Recently, a 70-something, highly successful, charming client came to his first session with me and talked non-stop about how his father regularly had berated him for both over-eating and under-exercising in childhood. Not surprisingly, these “problems” had become the focus of his life. Perhaps, you, too, have difficulty focusing your brain on positive things in life and would like to learn how to manage your thoughts effectively.   If so, world-famous coach Tony Robbins, has some sound advice for you to follow. (“An Interview with Tony Robbins” by Rich Simon, PhD, Psychotherapy Networker , Nov-Dec 2017, p. 47) He maintains that there are three tests of focus: “First, do you tend to focus more on what you can control or can’t control? If you’re always focused on what you can’t control, you’re going to be stressed.” “Do you focus on what you have or what’s missing? The vast majority of...
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How to Manage Your Control Issues

Let’s face it: We all want control over our lives. It’s encoded into our DNA and hardwired into our brains. We want it because we believe it will help us survive and thrive, although that’s not what’s foremost in our minds when we try to shape life to our liking and get other people to change so that we don’t need to.   In those moments, we’re thinking why the heck our spouse won’t lay off the booze, our neighbor won’t quit playing that awful loud music, and our parents won’t stop treating us like children even though we have grown kids of our own. We have no interest in surrendering our desires, and see nothing wrong with asking others to make major and minor alterations in themselves so that we can go along on our merry way exactly as we are. It doesn’t even occur to us that we...
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Go-To Self-Talk That Gets Me Through Everything

Clients sometimes ask me what I say to myself to reduce stress and distress. I use three major phrases, which are based on truths I firmly believe in. It’s crucial to have a set of phrases or mantras, because you want self-soothing self-talk to kick in as soon as you need it and don’t want to be wondering what’s going to work to settle you down or set you straight. Occasionally, I’ll say something else to myself to suit a particular situation, but these are my routine go-to messages:   I’m doing the best I can : I say this to myself often, as a quick-fix antidote to perfectionist tendencies, which I have on occasion. Many of us keep pushing ourselves until we’re hurt or exhausted and for what? Usually to come close to or reach some abstract ideal. However, what if, due to inborn limits, our best isn’t going...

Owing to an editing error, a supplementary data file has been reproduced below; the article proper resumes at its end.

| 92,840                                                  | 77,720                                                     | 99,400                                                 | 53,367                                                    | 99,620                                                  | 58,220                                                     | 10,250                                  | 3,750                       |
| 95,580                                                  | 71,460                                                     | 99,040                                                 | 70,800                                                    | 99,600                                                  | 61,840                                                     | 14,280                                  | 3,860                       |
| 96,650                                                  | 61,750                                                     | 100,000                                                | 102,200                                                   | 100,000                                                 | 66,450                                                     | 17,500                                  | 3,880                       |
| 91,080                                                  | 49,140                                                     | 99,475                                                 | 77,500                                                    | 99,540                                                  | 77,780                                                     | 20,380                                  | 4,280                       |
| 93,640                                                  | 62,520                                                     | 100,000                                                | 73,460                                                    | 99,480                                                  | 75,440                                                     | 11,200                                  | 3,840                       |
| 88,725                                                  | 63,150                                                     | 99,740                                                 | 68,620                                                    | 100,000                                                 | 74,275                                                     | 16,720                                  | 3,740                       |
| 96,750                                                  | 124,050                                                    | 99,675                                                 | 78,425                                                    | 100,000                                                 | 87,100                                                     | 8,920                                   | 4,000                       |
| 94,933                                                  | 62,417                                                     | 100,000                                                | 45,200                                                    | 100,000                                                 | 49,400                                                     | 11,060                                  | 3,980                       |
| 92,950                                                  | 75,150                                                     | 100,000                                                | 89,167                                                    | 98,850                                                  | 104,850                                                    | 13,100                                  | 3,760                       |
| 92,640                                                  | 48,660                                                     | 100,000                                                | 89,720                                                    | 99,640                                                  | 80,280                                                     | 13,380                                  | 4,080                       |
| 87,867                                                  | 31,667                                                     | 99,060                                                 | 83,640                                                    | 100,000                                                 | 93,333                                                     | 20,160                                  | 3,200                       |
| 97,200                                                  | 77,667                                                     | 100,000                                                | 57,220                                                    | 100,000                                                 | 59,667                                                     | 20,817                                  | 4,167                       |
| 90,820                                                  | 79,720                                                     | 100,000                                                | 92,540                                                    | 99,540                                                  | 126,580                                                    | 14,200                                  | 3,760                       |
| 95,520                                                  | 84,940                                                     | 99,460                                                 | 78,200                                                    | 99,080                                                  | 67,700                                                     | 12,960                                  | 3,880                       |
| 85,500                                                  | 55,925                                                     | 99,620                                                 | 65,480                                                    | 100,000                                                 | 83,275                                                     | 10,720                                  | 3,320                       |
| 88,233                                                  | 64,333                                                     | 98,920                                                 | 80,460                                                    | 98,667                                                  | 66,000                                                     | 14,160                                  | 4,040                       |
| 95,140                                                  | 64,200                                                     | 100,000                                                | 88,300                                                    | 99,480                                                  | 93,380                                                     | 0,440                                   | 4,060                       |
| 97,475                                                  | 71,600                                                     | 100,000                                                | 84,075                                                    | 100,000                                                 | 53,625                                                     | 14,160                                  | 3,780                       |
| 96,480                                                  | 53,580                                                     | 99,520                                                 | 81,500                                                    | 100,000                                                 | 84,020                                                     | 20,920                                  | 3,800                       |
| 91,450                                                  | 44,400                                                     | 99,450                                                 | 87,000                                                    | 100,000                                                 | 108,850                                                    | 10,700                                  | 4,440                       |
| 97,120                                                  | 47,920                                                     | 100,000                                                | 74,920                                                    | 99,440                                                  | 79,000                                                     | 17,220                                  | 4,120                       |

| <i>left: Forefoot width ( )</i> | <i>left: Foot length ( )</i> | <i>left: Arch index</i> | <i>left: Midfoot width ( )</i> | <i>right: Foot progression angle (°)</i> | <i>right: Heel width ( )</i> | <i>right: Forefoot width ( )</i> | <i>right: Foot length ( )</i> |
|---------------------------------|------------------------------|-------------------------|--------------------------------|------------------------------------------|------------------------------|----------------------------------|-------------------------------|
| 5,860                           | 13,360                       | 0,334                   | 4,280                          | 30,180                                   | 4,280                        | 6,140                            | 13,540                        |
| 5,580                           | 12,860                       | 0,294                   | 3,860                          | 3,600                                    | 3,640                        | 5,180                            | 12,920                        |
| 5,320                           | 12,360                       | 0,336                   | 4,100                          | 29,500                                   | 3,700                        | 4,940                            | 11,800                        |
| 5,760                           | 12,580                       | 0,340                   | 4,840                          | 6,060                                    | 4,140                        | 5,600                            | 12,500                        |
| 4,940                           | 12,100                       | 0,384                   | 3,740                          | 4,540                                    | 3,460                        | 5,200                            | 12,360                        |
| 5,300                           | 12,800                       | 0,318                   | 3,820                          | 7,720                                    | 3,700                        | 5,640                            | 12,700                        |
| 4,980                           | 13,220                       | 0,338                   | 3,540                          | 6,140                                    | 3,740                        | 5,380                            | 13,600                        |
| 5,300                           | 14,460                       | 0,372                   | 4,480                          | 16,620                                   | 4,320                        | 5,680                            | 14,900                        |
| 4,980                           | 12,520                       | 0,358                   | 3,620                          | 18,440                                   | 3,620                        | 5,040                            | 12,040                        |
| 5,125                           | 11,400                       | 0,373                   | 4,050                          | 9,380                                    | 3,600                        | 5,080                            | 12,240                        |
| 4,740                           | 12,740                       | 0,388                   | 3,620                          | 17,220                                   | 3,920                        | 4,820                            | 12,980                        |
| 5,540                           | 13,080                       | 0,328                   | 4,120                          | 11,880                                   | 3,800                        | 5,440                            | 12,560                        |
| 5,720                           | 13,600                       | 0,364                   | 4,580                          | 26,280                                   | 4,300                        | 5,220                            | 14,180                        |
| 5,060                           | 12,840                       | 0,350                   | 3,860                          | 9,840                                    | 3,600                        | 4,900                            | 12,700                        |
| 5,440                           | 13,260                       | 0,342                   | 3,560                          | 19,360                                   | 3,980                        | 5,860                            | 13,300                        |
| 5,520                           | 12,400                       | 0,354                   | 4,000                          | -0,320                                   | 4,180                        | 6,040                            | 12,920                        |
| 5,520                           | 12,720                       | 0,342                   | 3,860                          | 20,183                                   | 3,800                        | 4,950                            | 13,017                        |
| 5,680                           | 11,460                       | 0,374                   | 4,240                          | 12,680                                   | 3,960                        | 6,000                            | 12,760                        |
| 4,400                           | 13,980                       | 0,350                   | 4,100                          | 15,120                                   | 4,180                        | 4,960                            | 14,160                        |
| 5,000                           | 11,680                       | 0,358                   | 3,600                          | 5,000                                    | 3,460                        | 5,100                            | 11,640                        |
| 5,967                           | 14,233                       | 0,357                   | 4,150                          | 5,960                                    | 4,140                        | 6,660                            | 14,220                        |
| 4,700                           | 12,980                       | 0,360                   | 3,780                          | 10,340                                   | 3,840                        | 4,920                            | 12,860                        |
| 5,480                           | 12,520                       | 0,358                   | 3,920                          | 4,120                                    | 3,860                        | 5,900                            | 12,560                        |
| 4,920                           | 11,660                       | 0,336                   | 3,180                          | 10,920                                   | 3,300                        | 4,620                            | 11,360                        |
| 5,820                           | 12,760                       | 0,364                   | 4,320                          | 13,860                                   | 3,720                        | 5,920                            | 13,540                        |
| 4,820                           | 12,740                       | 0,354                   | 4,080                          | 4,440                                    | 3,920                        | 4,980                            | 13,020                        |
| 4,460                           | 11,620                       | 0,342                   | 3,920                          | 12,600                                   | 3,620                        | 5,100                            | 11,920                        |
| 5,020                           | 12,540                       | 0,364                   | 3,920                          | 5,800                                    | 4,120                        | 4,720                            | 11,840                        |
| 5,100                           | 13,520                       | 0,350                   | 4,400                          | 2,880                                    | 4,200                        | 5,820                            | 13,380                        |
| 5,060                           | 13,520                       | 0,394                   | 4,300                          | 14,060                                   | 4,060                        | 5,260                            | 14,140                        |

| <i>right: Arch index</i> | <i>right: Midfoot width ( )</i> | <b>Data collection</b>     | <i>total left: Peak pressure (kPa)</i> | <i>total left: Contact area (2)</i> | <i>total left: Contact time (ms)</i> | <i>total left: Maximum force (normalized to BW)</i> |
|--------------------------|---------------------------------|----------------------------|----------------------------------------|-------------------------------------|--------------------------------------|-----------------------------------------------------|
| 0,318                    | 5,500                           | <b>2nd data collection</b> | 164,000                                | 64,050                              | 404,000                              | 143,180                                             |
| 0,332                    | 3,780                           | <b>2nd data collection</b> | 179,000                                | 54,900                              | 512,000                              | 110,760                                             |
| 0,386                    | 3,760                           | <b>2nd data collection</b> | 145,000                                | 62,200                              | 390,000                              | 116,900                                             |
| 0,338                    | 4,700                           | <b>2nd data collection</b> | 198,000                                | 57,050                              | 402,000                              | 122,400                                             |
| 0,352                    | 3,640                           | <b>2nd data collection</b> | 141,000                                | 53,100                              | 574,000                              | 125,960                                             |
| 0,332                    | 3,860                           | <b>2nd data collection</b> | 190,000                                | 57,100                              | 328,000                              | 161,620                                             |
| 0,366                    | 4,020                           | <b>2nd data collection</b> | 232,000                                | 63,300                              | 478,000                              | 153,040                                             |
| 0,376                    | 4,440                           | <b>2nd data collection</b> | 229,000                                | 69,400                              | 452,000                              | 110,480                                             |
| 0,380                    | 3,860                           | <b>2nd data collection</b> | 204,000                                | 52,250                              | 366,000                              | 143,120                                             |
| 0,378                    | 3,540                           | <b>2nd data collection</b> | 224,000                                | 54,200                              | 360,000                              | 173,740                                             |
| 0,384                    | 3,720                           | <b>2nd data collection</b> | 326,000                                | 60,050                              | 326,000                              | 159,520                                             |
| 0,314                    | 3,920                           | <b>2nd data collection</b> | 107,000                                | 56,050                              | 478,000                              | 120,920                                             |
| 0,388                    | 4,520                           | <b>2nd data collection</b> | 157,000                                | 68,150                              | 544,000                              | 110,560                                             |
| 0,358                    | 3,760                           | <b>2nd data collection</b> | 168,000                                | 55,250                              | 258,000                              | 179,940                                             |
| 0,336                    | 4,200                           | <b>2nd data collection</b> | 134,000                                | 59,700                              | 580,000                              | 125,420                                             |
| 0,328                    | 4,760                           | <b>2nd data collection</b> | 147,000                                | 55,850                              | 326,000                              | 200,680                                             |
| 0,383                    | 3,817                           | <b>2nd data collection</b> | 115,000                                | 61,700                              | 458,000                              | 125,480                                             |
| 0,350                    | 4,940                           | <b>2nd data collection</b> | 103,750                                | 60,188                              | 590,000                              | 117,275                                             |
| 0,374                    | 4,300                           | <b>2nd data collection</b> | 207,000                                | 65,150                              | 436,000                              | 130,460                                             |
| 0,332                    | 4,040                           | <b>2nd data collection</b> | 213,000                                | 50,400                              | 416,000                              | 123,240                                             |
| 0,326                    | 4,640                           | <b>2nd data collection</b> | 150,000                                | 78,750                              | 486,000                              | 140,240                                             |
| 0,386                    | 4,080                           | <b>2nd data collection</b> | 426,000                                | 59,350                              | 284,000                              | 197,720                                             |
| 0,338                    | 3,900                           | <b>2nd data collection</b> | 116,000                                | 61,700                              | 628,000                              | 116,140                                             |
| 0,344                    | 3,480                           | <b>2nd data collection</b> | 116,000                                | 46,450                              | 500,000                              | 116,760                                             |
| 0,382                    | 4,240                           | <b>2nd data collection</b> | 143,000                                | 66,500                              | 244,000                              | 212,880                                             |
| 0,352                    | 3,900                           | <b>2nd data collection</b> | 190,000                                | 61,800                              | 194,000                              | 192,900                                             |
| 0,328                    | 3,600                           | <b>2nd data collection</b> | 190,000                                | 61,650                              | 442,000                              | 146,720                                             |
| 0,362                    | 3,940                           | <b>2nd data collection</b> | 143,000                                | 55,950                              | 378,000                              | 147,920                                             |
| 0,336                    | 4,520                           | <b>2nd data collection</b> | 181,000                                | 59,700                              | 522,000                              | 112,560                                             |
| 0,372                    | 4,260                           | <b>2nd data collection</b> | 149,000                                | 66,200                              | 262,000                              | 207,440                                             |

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More Benefits From Meditation

I confess that it took me a while to see the value of meditation. When it was first touted as a stress reducer, there weren’t a whole lot of studies to back it up. But now, the more I read about it, the bigger fan I’m becoming—especially since so many anxious clients ask me, “Can we really change our thinking? Is it truly possible to change our brains?” Science tells us that the answers to these questions are yes and yes.   According to “Meditate on this: a mindfulness practice promotes better health” (Healthy Years, vol. HY16H p. 5), a practice of meditation has health benefits beyond simply reducing anxiety and stress, not that that’s any small feat, particularly for emotional and stress eaters. The article states that “Science is still not clear how meditation influences the brain,” but that it helps in “decision-making, planning, abstract thinking, and regulating emotions.”...